We here at The Portalist are big fans of female sci-fi and fantasy writers, but it's equally important to celebrate the nonfiction authors whose science and geek pop culture writing is changing the world around us. Below are 11 great nonfiction books by women, many of which outline the innumerable ways ladies have improved our lives. They all make great reading for International Women's Day—and the other 365-odd days of the year.
As always, this list represents just a fraction of the great reads out there. If you've got a title to suggest, let us know in the comments!
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Hidden Figures: The American Dream and the Untold Story of the Black Women Mathematicians Who Helped Win the Space Race
The daughter of a NASA-Langley Research Center scientist, Margot Lee Shetterly grew up in Hampton, Virginia, and knew many of the women who worked at NASA as human computers. Her New York Times bestselling book (and its film adaptation of the same name) celebrates the accomplishments of NASA's Black female mathematicians who worked as 'human computers,' without whom America might never have put a man on the Moon—or brought him home again.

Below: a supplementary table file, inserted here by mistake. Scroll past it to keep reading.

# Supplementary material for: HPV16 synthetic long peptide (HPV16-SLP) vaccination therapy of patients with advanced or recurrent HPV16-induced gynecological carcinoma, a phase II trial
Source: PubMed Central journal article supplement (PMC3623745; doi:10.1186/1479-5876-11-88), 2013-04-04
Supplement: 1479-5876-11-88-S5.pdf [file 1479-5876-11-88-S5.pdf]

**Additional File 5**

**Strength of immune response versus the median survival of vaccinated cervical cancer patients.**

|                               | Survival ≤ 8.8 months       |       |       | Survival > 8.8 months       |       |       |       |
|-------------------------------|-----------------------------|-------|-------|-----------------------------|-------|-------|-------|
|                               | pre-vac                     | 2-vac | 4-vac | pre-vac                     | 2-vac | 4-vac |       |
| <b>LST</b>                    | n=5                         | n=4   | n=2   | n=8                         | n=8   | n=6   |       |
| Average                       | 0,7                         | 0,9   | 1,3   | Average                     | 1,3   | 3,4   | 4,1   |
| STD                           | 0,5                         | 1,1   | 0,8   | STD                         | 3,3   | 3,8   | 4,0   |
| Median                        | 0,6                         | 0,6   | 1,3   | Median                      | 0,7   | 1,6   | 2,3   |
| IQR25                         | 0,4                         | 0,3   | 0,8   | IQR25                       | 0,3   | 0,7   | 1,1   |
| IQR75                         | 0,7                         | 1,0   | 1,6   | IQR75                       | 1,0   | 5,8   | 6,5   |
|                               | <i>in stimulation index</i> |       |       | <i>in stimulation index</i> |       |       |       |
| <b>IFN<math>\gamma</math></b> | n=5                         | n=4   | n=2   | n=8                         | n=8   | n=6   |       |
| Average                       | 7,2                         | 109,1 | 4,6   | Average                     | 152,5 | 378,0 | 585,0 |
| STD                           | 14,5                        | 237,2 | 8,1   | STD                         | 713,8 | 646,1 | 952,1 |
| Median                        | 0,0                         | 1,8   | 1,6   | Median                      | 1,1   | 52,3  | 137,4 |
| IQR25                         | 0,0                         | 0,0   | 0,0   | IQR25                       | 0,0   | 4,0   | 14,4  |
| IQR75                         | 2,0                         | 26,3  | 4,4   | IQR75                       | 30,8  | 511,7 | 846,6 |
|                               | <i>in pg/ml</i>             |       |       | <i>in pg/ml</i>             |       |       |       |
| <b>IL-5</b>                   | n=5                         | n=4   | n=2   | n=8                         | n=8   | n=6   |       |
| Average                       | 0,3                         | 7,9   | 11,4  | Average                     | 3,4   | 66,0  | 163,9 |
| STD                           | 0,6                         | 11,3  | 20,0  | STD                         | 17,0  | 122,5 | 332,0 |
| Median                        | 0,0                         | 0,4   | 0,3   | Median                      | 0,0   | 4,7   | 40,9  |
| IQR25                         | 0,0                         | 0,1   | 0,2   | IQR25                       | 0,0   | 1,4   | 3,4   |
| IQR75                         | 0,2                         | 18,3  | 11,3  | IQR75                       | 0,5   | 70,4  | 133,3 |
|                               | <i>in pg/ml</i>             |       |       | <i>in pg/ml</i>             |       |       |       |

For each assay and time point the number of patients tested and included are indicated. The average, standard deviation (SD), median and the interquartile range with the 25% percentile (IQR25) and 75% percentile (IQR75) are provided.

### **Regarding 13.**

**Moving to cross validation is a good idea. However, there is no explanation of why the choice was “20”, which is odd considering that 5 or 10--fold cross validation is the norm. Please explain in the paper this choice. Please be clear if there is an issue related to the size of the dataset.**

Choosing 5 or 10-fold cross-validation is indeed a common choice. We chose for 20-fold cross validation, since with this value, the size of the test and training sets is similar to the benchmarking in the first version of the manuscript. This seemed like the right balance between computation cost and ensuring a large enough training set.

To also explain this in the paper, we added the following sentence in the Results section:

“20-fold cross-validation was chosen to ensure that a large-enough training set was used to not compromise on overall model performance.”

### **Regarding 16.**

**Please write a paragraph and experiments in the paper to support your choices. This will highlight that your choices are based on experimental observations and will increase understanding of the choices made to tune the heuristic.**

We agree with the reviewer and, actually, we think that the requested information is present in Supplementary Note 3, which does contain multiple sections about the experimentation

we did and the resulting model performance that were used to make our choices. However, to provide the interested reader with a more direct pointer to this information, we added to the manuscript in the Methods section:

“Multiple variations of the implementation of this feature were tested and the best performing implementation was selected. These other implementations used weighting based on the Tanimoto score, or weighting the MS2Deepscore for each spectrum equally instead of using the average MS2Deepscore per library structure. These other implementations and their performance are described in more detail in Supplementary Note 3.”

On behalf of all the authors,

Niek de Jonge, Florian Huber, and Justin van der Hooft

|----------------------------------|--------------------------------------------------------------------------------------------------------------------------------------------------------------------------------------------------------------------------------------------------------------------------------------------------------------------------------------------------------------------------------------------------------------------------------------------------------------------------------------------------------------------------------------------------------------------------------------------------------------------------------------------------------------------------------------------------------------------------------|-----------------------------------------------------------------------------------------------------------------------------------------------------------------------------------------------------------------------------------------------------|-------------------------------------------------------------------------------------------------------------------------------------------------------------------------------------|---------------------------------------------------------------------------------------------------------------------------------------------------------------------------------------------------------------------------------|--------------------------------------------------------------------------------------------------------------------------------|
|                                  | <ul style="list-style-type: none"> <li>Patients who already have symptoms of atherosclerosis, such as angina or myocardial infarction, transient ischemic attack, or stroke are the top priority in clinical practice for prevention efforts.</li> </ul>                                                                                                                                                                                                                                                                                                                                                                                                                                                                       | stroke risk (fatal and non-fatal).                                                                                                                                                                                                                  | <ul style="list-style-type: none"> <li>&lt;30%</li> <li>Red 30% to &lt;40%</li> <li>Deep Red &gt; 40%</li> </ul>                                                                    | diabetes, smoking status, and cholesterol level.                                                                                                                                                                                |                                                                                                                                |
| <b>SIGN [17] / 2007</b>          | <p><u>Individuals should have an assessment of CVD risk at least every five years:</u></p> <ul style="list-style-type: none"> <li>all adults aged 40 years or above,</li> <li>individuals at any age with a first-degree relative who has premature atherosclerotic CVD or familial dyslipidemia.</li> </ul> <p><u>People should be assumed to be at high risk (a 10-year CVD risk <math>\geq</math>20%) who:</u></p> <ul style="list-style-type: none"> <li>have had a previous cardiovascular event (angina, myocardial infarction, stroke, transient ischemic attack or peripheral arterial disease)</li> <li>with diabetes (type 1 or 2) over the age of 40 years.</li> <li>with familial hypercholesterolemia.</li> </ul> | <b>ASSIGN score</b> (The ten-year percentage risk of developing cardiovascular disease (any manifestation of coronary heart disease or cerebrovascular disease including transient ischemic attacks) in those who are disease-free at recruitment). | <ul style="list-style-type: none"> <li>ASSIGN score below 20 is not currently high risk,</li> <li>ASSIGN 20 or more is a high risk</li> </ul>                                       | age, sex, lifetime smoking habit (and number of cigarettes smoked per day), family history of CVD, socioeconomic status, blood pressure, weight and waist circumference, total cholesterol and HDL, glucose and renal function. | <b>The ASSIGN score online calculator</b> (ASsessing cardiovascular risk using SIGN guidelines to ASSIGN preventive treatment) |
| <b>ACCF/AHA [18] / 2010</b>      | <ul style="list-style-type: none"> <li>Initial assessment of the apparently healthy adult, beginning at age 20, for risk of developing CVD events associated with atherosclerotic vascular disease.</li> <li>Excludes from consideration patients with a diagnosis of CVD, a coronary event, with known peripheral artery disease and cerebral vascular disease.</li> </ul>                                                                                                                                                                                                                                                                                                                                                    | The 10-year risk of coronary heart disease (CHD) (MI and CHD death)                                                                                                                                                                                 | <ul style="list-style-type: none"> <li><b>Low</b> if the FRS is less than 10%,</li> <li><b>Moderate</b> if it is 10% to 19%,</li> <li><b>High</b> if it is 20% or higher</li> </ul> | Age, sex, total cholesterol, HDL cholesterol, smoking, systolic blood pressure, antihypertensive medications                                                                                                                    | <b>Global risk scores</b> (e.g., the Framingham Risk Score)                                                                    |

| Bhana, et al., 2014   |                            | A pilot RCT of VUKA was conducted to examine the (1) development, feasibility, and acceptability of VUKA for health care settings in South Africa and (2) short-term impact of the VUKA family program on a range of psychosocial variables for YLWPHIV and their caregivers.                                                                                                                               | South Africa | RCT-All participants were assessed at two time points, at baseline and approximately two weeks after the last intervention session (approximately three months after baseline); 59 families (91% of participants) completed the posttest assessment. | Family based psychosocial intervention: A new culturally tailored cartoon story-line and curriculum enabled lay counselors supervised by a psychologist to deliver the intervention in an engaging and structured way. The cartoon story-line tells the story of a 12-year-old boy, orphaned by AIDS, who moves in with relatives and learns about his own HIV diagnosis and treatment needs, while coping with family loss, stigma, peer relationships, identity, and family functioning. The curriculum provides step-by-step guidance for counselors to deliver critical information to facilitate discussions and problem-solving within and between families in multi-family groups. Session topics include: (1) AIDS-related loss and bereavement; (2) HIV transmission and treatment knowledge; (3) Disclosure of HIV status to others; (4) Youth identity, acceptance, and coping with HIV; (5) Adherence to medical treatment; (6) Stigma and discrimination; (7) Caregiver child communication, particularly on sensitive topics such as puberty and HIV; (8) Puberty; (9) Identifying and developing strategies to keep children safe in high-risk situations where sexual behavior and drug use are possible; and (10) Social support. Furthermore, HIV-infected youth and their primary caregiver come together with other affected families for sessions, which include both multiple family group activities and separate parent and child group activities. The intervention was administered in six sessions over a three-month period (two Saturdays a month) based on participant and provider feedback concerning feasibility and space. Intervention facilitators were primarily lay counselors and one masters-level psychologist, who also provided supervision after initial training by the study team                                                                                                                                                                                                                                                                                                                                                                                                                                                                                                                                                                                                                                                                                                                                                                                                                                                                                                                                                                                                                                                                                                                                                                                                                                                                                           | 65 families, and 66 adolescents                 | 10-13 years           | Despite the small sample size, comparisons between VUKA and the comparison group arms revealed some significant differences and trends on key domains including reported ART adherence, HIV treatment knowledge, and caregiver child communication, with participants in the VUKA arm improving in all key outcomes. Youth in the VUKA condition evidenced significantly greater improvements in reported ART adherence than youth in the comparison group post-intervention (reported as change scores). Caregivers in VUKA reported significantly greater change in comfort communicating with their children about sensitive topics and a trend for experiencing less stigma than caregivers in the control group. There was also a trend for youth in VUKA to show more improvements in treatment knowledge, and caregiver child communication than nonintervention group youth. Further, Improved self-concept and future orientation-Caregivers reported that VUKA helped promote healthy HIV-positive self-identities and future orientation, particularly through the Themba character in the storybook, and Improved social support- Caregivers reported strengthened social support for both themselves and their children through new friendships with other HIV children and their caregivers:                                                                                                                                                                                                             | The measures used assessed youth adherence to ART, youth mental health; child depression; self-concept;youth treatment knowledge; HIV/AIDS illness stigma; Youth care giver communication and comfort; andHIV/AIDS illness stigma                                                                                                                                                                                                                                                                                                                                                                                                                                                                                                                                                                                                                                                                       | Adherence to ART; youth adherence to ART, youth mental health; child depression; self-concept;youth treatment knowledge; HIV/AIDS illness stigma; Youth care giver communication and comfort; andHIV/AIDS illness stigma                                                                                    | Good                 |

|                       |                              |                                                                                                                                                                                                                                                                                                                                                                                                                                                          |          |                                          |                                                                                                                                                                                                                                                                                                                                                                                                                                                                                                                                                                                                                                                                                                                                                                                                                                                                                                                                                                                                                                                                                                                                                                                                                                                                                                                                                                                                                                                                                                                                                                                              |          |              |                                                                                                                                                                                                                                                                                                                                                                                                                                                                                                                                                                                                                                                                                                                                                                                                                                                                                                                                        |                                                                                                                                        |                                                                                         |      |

In this surprisingly funny book, Fangirl's Guide to the Galaxy author Sam Maggs shines a light on 25 world-changing women whose accomplishments in science, exploration, and even espionage have gone largely uncelebrated (often thanks to men who were happy to take credit for their female colleagues' work). Wonder Women has a chatty, hilarious tone that makes its chapters feel more like conversations with a friend than history lessons, and features adorable illustrations by Sophia Foster-Dimino. It's definitely suitable for young readers, although adults probably have a lot to learn about these rad ladies as well.
The Secret History of Wonder Woman
Did you know that the character of Wonder Woman was directly inspired by the founder of Planned Parenthood? Or that Wonder Woman's creator was polyamorous? In The Secret History of Wonder Woman, historian and New Yorker writer Jill Lepore uncovers the fascinating and often paradoxical lives of Wonder Woman creator William Moulston Marston, and his romantic/professional partners Elizabeth Holloway Marston and Olive Byrne.
I sometimes struggle to stay engaged in historical nonfiction, but Lepore’s account of the kinky, controversial, and secret relationships that clearly influenced the creation of Wonder Woman is so enthralling that I couldn't put it down.
Beyond Uhura: Star Trek and Other Memories